There’s nothing better than cold beer with a burger or a crisp white wine served with grilled fish. When pairing food with wine or beer there’s some steadfast rules; keep sweet with sweet, don’t allow either the food or drink to overpower each other, and more importantly, drink what you like. But things can seem to get a little complex when it comes to pairing smoked food with drinks. Below you’ll find everything you need to know to pair the perfect drink with your next smoked meal.
Beer or Wine
The first question you need to ask yourself when pairing drinks with smoked food is, “what to drink?” Beer or wine? The good news is the two are almost interchangeable with some simple rules of thumb. Most chef’s, sommeliers, and brewmasters agree that beer can be classified much like wine for the purposes of pairing.
For example; lagers, wheats, and pilsners are often likened to lighter-bodied white wines like Riesiling, Sauvignon Blanc, and Pinot Grigio.
Medium-bodied beers like ales, IPA, and bocks are treated like medium-bodied wines like Merlot, Zinfandel, Shiraz and Syrah.
Heavier-bodied beers like rye, porter, stout, or barleywine are treated like heavy-bodied wines such as Cabernet, Malbec, or very oaky Chardonnay.
The Secret of the Smoke
Smoking food doesn’t necessarily completely change its natural flavors or seasoning but instead enhances them and imparts a smoky quality to flavors that were already present. For example, when smoking a pork shoulder, it’s the spice rub that is going to add the bulk of the flavor to the pork while the smoke will enhance the spices and impart a smoked flavor based on the wood used. With that in mind, it’s important to understand that just because you’re smoking something doesn’t mean the beer or wine pairing should change from the same item that’s grilled or roasted. The main thing to consider is how long you plan on smoking. When smoking a pork shoulder all day, be prepared for big flavor, and when quick smoking a fish fillet, you’ll end up with a much more delicate taste experience.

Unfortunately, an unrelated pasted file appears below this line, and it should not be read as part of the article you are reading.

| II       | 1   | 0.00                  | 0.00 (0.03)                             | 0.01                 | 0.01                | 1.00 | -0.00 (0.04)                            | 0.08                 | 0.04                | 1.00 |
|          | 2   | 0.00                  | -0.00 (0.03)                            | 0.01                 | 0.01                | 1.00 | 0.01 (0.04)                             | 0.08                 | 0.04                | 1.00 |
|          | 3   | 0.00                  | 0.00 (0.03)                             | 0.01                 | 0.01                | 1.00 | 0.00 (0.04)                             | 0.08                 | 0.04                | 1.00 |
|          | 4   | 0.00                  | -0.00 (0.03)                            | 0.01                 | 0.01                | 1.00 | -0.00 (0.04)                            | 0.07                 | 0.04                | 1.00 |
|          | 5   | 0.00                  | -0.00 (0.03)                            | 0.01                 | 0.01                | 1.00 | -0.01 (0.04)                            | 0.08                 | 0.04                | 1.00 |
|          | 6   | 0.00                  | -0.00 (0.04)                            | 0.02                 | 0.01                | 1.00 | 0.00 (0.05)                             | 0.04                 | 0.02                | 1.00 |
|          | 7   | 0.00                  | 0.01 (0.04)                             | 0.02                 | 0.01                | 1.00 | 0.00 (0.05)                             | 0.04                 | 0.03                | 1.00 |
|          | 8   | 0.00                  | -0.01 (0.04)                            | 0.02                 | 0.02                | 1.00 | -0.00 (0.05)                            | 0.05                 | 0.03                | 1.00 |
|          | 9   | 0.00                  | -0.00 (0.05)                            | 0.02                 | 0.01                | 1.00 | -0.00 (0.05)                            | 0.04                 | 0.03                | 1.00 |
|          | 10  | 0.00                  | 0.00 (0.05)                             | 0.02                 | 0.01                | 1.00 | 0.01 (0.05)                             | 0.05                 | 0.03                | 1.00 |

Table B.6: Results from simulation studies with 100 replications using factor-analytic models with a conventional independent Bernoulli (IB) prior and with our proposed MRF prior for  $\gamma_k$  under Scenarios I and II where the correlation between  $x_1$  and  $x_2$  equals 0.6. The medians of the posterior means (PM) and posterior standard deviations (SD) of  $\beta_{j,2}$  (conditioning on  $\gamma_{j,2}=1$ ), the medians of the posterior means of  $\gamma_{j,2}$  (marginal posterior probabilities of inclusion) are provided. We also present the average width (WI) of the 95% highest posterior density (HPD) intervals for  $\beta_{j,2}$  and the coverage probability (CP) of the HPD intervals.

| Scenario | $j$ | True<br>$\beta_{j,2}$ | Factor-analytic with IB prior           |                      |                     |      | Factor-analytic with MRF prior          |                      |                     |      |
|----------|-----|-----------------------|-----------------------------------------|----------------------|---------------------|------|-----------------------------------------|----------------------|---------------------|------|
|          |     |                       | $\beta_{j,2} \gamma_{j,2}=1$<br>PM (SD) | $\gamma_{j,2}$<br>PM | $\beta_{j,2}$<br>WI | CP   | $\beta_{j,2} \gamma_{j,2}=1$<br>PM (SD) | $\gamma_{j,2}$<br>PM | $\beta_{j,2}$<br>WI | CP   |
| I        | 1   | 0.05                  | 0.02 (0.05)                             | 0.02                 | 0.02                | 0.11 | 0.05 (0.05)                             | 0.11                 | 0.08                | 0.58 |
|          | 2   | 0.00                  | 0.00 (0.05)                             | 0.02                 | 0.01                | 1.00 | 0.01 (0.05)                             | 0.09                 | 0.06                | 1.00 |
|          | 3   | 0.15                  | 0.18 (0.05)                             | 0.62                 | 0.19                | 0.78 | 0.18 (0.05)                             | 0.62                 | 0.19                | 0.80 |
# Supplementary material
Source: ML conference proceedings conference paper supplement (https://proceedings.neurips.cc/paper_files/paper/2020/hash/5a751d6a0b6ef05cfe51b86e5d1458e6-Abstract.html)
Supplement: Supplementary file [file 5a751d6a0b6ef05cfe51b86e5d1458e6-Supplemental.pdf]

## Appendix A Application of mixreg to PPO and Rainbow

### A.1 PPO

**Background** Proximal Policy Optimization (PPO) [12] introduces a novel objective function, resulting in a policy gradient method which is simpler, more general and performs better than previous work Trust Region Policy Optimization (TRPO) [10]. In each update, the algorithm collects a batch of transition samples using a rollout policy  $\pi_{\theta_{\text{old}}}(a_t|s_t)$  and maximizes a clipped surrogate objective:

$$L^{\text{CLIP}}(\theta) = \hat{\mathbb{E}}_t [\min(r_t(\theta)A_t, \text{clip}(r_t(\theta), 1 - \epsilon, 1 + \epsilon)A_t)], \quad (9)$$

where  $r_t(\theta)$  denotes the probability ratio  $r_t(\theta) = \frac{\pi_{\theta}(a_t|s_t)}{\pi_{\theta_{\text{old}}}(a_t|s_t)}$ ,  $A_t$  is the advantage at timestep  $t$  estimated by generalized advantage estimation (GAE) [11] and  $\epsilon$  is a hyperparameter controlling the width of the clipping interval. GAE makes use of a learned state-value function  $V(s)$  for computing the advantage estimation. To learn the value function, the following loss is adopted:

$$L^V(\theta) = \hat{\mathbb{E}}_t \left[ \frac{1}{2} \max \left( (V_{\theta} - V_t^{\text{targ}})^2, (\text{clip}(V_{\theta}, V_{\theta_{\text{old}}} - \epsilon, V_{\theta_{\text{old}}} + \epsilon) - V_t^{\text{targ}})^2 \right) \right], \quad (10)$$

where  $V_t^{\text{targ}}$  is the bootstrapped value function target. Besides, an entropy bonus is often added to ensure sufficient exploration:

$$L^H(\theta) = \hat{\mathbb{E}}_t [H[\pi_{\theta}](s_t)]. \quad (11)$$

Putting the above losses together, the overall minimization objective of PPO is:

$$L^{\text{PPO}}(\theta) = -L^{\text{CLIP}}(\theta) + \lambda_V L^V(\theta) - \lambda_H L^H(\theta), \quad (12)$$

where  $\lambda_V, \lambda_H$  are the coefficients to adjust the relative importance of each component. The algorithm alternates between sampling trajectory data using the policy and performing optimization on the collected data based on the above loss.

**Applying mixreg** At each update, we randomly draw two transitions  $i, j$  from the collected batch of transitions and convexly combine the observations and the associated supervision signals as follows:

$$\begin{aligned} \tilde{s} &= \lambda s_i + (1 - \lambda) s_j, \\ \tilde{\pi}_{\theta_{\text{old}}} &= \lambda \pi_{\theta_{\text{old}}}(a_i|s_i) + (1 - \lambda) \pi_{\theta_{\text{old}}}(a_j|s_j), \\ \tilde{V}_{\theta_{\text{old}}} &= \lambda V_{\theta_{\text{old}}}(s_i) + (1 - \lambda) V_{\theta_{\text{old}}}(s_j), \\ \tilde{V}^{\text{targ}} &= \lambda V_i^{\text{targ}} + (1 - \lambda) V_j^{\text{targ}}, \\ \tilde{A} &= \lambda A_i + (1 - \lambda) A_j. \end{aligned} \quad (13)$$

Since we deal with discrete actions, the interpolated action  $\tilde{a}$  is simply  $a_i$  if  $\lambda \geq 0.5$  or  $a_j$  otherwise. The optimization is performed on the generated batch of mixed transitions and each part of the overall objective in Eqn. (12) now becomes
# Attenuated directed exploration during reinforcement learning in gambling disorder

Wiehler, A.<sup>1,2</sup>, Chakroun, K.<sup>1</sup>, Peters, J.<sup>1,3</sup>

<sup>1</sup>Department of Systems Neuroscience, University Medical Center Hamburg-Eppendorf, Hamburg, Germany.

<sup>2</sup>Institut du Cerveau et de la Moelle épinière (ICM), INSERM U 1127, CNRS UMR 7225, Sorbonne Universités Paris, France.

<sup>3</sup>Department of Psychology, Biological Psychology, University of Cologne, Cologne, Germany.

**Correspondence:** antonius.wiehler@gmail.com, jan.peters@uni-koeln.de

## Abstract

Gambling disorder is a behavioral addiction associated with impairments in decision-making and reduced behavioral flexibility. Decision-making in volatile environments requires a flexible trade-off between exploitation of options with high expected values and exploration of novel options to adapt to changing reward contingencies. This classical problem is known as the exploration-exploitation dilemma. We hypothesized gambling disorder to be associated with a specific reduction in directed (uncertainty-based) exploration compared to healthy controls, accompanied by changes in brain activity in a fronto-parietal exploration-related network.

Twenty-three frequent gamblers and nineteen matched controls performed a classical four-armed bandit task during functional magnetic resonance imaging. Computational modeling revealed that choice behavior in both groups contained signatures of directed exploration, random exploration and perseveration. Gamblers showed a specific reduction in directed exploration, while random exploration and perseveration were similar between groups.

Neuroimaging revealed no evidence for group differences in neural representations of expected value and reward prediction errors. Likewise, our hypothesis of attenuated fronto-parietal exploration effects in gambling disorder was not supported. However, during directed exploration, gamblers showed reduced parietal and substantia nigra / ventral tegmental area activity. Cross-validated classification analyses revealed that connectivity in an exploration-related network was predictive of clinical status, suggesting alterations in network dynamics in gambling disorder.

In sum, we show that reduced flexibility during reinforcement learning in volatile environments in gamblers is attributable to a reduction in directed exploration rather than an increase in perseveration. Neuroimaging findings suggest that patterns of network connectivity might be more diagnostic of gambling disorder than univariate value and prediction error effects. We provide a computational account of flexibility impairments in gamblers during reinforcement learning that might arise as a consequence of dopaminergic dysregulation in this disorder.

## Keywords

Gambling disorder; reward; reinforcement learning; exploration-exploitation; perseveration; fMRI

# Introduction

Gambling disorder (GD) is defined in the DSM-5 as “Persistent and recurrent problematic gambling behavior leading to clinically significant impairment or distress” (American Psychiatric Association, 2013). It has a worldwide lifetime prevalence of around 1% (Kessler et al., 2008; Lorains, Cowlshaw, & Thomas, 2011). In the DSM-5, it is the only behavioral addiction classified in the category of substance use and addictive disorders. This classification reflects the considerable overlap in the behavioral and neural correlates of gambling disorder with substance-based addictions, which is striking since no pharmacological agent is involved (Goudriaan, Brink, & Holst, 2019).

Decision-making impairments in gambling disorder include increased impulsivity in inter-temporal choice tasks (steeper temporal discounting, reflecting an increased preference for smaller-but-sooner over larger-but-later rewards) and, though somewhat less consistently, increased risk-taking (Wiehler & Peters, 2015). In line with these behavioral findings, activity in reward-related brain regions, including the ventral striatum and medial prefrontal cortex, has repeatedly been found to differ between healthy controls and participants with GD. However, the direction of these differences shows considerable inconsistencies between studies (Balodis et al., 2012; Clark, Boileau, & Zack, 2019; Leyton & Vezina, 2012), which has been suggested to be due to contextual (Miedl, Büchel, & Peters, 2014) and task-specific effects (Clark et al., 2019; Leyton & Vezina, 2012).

It’s also important to remember that adding smoke enhances flavors therefore it might be necessary to go with a slightly heavier-bodied drink to compete or keep up with your meal. Again, it’s just a matter of smoking time and of course, the wood in the smoker.
|Wood Pairing Recommendations|
|Food Smoker Level||Smoking Duration||Smoker Chips|
|Light||Less than 3 hours||Mesquite, Oak|
|Medium||4 – 7 hours||Apple, Mesquite, Hickory|
|Heavy||8+ hours||Oak, Mesquite, Hickory|
You’ve smoked your center of the plate item, or side dish, and now it’s time to pair a beer or wine that either enhances or complements the meal. Let’s start with some lighter-bodied drinks and work up to heavy ones.
Lightly Smoked Food (Less than 3 hours)
Lightly smoked foods like delicate fish fillets (trout, Sockeye salmon), small poultry (Cornish game hen, squab) or even smoked vegetables and mushrooms should be paired with lighter-bodied wines and beers. A crisp white wine like a Chardonnay, Pinot Grigio, or a lighter lager or wheat beer with citrus flavors will pair beautifully with any delicate smoke to enhance herbal and sweet flavors. Fruit or nut woods are often used for quick smoking to add just a touch of sweet smoky flavor.
Medium Smoked Food (4-7 hours)
Medium-bodied wines and beers like Merlot, Syrah, IPAs, and amber ales pair up nicely with sweet and smoky foods. Summer sausage, sweet barbecued ribs, or even smoked peaches and corn on the cob go hand in hand with the bitterness of an IPA or the dark berry and pepper flavors of a Syrah. Apple, mesquite, hickory, and other hardwoods pair nicely with medium-bodied wines because of their richer flavors.
Heavily Smoked Food (8+ hours)
Heavy-bodied wines and beers like Cabernet, Malbec, stout, and porter need big, bold flavors and fatty meats to keep them in check. Pair these big reds or dark beers with spicy foods or heavily smoked meats for best results. A spicy rub on a pork shoulder or ribs begs to be served with a South American Malbec or California Cabernet while the coffee flavors in a porter go perfectly with pork belly or bacon. The carbonation in beer also helps to cut through fatty cuts of meat like shank or belly that need more time in the smoker. Longer smoking times with harder woods like oak, hickory, and mesquite create deep smoked flavors that stand up well to the fruit, spice, and bitterness of heavy-bodied drinks.
Keep in mind these are just basic rules and with some experimentation you might find a pairing that defies all the rules here. The main thing to consider is picking one dominate flavor and working from there. Whether it’s spicy, sweet, bitter, or salty, start with a flavor, then factor in the amount of smoking time (long smoking period means heavier smoky flavor). Consider where that flavor will end up after smoking, and then pair your beverage.